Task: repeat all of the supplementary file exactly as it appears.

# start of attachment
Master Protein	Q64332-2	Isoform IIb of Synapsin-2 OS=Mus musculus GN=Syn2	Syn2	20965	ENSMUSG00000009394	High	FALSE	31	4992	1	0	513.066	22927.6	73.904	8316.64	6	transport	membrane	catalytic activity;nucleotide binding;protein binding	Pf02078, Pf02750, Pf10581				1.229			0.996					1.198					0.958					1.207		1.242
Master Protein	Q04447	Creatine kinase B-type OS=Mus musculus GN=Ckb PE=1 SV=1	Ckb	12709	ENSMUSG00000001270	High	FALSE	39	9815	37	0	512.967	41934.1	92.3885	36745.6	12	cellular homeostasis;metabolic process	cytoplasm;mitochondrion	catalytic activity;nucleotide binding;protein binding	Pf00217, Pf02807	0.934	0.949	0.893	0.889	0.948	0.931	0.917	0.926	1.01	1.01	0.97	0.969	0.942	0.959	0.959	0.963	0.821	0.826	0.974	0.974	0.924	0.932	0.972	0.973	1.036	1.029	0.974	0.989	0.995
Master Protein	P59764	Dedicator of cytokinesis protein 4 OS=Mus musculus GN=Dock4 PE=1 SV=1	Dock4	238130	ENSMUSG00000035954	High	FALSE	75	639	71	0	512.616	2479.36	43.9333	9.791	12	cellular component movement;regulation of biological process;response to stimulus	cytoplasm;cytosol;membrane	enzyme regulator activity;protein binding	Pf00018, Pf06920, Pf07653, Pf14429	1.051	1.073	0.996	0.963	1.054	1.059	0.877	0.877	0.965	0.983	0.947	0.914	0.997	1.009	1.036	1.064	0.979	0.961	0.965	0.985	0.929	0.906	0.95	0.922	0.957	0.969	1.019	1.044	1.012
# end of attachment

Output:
Master Protein	Q64332-2	Isoform IIb of Synapsin-2 OS=Mus musculus GN=Syn2	Syn2	20965	ENSMUSG00000009394	High	FALSE	31	4992	1	0	513.066	22927.6	73.904	8316.64	6	transport	membrane	catalytic activity;nucleotide binding;protein binding	Pf02078, Pf02750, Pf10581				1.229			0.996					1.198					0.958					1.207		1.242
Master Protein	Q04447	Creatine kinase B-type OS=Mus musculus GN=Ckb PE=1 SV=1	Ckb	12709	ENSMUSG00000001270	High	FALSE	39	9815	37	0	512.967	41934.1	92.3885	36745.6	12	cellular homeostasis;metabolic process	cytoplasm;mitochondrion	catalytic activity;nucleotide binding;protein binding	Pf00217, Pf02807	0.934	0.949	0.893	0.889	0.948	0.931	0.917	0.926	1.01	1.01	0.97	0.969	0.942	0.959	0.959	0.963	0.821	0.826	0.974	0.974	0.924	0.932	0.972	0.973	1.036	1.029	0.974	0.989	0.995
Master Protein	P59764	Dedicator of cytokinesis protein 4 OS=Mus musculus GN=Dock4 PE=1 SV=1	Dock4	238130	ENSMUSG00000035954	High	FALSE	75	639	71	0	512.616	2479.36	43.9333	9.791	12	cellular component movement;regulation of biological process;response to stimulus	cytoplasm;cytosol;membrane	enzyme regulator activity;protein binding	Pf00018, Pf06920, Pf07653, Pf14429	1.051	1.073	0.996	0.963	1.054	1.059	0.877	0.877	0.965	0.983	0.947	0.914	0.997	1.009	1.036	1.064	0.979	0.961	0.965	0.985	0.929	0.906	0.95	0.922	0.957	0.969	1.019	1.044	1.012